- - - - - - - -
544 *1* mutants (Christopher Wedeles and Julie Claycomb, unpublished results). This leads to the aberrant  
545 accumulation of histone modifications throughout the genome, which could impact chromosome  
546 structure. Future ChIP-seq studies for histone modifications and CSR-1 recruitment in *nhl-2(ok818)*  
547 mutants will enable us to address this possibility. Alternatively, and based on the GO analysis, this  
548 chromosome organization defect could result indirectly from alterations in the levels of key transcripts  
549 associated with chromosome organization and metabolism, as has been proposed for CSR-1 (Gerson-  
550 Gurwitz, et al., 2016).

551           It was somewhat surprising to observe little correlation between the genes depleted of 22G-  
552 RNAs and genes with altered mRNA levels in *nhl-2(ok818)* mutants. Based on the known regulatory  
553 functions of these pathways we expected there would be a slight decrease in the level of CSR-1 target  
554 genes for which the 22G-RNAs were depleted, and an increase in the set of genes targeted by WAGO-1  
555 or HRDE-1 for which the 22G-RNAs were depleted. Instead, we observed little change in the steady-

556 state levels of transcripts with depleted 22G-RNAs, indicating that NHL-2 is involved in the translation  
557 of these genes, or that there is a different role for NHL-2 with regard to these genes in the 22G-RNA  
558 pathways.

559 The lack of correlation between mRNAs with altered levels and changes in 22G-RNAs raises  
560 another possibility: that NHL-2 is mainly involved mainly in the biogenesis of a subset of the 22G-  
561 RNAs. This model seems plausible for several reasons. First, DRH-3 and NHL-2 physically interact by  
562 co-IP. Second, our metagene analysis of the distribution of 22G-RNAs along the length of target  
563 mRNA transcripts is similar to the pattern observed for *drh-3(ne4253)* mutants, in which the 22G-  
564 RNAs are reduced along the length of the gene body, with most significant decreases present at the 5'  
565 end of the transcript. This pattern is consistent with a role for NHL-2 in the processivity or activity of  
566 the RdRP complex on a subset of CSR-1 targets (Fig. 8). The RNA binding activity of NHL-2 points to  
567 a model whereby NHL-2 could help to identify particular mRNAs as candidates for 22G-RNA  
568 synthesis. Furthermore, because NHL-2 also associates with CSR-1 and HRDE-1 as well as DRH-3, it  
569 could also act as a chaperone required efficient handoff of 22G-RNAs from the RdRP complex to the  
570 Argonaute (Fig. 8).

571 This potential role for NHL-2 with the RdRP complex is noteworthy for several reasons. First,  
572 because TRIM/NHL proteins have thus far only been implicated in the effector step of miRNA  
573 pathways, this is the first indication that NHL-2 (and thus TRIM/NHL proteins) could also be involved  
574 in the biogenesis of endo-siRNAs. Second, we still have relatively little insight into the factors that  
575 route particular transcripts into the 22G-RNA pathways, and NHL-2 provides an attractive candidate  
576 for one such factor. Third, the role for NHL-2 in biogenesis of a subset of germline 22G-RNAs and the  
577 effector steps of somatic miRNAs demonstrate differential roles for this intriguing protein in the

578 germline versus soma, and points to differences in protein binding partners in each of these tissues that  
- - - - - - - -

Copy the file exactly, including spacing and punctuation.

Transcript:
544 *1* mutants (Christopher Wedeles and Julie Claycomb, unpublished results). This leads to the aberrant  
545 accumulation of histone modifications throughout the genome, which could impact chromosome  
546 structure. Future ChIP-seq studies for histone modifications and CSR-1 recruitment in *nhl-2(ok818)*  
547 mutants will enable us to address this possibility. Alternatively, and based on the GO analysis, this  
548 chromosome organization defect could result indirectly from alterations in the levels of key transcripts  
549 associated with chromosome organization and metabolism, as has been proposed for CSR-1 (Gerson-  
550 Gurwitz, et al., 2016).

551           It was somewhat surprising to observe little correlation between the genes depleted of 22G-  
552 RNAs and genes with altered mRNA levels in *nhl-2(ok818)* mutants. Based on the known regulatory  
553 functions of these pathways we expected there would be a slight decrease in the level of CSR-1 target  
554 genes for which the 22G-RNAs were depleted, and an increase in the set of genes targeted by WAGO-1  
555 or HRDE-1 for which the 22G-RNAs were depleted. Instead, we observed little change in the steady-

556 state levels of transcripts with depleted 22G-RNAs, indicating that NHL-2 is involved in the translation  
557 of these genes, or that there is a different role for NHL-2 with regard to these genes in the 22G-RNA  
558 pathways.

559 The lack of correlation between mRNAs with altered levels and changes in 22G-RNAs raises  
560 another possibility: that NHL-2 is mainly involved mainly in the biogenesis of a subset of the 22G-  
561 RNAs. This model seems plausible for several reasons. First, DRH-3 and NHL-2 physically interact by  
562 co-IP. Second, our metagene analysis of the distribution of 22G-RNAs along the length of target  
563 mRNA transcripts is similar to the pattern observed for *drh-3(ne4253)* mutants, in which the 22G-  
564 RNAs are reduced along the length of the gene body, with most significant decreases present at the 5'  
565 end of the transcript. This pattern is consistent with a role for NHL-2 in the processivity or activity of  
566 the RdRP complex on a subset of CSR-1 targets (Fig. 8). The RNA binding activity of NHL-2 points to  
567 a model whereby NHL-2 could help to identify particular mRNAs as candidates for 22G-RNA  
568 synthesis. Furthermore, because NHL-2 also associates with CSR-1 and HRDE-1 as well as DRH-3, it  
569 could also act as a chaperone required efficient handoff of 22G-RNAs from the RdRP complex to the  
570 Argonaute (Fig. 8).

571 This potential role for NHL-2 with the RdRP complex is noteworthy for several reasons. First,  
572 because TRIM/NHL proteins have thus far only been implicated in the effector step of miRNA  
573 pathways, this is the first indication that NHL-2 (and thus TRIM/NHL proteins) could also be involved  
574 in the biogenesis of endo-siRNAs. Second, we still have relatively little insight into the factors that  
575 route particular transcripts into the 22G-RNA pathways, and NHL-2 provides an attractive candidate  
576 for one such factor. Third, the role for NHL-2 in biogenesis of a subset of germline 22G-RNAs and the  
577 effector steps of somatic miRNAs demonstrate differential roles for this intriguing protein in the

578 germline versus soma, and points to differences in protein binding partners in each of these tissues that  